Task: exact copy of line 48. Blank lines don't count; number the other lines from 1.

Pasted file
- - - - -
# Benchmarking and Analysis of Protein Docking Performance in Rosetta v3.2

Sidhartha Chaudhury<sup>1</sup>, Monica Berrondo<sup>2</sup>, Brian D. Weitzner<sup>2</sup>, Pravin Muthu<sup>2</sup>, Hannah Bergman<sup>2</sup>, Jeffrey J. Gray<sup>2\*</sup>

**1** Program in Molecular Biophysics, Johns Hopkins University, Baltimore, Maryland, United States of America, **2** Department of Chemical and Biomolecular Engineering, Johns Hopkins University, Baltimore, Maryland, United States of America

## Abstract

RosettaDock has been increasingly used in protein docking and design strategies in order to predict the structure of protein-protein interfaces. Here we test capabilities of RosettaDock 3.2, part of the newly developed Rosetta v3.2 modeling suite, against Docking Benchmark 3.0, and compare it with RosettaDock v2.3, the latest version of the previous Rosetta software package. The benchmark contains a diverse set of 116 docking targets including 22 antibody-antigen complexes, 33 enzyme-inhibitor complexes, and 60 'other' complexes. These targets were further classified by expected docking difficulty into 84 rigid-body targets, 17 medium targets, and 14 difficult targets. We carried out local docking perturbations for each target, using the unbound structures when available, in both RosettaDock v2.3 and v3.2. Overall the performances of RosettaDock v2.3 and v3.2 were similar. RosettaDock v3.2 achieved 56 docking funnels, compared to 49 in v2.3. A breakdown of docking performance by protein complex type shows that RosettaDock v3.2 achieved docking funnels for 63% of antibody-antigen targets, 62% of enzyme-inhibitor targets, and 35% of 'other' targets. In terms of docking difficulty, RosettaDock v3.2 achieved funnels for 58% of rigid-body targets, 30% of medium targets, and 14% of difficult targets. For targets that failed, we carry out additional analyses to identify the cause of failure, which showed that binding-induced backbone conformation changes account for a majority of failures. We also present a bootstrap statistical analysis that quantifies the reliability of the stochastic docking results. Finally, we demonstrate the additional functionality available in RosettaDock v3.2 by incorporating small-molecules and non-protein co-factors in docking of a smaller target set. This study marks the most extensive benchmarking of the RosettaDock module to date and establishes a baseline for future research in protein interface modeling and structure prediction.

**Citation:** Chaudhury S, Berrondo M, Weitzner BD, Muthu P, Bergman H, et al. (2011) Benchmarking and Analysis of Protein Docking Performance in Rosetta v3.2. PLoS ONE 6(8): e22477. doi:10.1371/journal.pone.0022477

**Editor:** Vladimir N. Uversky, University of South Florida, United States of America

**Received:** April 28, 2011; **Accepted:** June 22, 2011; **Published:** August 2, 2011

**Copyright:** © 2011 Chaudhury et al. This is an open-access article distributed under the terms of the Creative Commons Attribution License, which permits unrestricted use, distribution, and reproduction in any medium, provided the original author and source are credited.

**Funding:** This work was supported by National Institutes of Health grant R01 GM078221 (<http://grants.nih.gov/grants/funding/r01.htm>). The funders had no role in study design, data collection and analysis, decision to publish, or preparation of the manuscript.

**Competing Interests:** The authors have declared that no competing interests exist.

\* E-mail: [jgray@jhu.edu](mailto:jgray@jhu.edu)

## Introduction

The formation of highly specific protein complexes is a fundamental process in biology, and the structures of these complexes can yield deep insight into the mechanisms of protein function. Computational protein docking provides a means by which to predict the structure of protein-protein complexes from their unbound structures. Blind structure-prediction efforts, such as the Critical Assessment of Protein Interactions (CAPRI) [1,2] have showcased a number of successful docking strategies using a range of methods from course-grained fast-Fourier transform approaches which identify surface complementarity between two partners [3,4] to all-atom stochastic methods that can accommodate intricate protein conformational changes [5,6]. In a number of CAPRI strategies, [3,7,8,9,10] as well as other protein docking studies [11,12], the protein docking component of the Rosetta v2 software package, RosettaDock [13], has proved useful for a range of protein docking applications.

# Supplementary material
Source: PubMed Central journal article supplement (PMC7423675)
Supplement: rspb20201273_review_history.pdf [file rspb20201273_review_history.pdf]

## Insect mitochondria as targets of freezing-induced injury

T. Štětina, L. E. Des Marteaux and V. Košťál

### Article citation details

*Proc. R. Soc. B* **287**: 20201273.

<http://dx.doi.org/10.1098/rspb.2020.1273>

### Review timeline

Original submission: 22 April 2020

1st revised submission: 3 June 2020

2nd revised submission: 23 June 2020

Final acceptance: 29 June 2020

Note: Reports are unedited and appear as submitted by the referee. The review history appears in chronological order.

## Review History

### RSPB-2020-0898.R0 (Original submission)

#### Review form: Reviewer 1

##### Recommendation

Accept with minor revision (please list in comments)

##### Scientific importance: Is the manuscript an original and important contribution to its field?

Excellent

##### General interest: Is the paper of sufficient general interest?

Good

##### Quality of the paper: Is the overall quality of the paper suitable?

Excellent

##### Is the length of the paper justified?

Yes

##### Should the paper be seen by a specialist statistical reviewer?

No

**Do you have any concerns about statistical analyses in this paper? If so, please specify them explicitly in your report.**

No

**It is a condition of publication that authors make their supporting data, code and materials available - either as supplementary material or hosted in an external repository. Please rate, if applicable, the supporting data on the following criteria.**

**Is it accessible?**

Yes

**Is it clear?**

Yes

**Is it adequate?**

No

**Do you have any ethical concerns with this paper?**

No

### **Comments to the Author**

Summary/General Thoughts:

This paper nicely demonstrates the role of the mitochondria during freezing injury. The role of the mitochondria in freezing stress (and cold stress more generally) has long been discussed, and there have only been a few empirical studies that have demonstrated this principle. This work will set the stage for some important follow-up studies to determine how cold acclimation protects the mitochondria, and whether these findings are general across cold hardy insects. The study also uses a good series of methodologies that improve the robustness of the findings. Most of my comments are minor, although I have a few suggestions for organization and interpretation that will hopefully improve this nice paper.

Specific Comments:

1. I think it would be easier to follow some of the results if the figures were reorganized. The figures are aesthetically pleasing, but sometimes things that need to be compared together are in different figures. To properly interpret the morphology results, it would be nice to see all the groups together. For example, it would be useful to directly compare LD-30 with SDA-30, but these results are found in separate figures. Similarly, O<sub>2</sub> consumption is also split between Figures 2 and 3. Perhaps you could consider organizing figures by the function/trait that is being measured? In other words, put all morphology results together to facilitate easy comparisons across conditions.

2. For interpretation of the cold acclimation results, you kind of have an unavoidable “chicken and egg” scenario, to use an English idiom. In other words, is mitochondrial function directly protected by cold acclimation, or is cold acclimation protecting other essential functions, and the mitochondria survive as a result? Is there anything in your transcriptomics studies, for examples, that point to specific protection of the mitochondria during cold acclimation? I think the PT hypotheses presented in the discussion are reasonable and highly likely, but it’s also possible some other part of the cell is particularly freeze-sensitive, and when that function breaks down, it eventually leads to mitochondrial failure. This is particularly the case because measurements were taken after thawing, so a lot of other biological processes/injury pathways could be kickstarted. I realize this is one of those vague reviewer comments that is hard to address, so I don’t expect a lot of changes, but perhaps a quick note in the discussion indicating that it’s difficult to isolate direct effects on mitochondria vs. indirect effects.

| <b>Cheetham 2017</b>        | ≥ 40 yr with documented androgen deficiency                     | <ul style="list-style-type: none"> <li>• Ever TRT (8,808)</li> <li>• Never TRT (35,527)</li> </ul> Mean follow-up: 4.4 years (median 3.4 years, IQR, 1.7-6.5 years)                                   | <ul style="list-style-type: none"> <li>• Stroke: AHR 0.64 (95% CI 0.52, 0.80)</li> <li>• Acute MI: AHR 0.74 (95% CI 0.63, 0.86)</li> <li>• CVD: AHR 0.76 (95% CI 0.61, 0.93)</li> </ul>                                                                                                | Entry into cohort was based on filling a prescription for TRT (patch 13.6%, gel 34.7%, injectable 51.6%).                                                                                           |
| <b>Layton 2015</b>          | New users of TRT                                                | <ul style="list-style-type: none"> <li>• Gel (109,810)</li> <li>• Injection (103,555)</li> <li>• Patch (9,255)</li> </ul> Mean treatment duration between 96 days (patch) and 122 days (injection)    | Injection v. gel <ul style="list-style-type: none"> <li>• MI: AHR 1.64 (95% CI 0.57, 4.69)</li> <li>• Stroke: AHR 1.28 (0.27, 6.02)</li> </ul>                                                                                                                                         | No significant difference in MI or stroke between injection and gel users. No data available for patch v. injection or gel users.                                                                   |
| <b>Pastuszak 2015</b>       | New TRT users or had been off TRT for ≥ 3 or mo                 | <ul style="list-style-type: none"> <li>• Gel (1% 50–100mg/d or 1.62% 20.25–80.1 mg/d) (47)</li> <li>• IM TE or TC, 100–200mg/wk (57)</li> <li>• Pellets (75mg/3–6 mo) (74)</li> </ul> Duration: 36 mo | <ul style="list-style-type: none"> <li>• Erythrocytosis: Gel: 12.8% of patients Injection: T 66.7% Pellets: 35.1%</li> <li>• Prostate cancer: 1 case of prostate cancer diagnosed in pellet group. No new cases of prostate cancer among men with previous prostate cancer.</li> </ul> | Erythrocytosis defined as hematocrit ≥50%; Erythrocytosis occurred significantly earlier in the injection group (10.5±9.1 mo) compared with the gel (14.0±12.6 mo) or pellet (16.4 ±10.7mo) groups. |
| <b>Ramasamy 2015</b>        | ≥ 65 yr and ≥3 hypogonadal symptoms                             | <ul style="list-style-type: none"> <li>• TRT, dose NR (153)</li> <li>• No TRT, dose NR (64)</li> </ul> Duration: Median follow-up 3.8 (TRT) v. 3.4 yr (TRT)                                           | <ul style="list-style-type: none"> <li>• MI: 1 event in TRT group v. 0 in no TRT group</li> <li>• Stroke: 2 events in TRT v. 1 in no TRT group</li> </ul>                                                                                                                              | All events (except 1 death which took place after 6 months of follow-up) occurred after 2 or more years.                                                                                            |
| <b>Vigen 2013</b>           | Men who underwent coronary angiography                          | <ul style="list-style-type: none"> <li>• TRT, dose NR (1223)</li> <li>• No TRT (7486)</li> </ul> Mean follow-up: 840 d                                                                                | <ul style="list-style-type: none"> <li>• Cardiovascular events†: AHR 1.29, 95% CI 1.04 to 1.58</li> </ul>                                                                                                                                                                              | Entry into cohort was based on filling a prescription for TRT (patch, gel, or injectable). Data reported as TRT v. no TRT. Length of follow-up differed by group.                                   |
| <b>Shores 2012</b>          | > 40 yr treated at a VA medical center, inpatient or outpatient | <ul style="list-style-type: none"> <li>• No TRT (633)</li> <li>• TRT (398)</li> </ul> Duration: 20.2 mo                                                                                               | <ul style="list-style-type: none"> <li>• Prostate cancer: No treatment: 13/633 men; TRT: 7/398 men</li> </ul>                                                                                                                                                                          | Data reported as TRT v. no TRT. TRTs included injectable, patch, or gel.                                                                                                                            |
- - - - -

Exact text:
Yes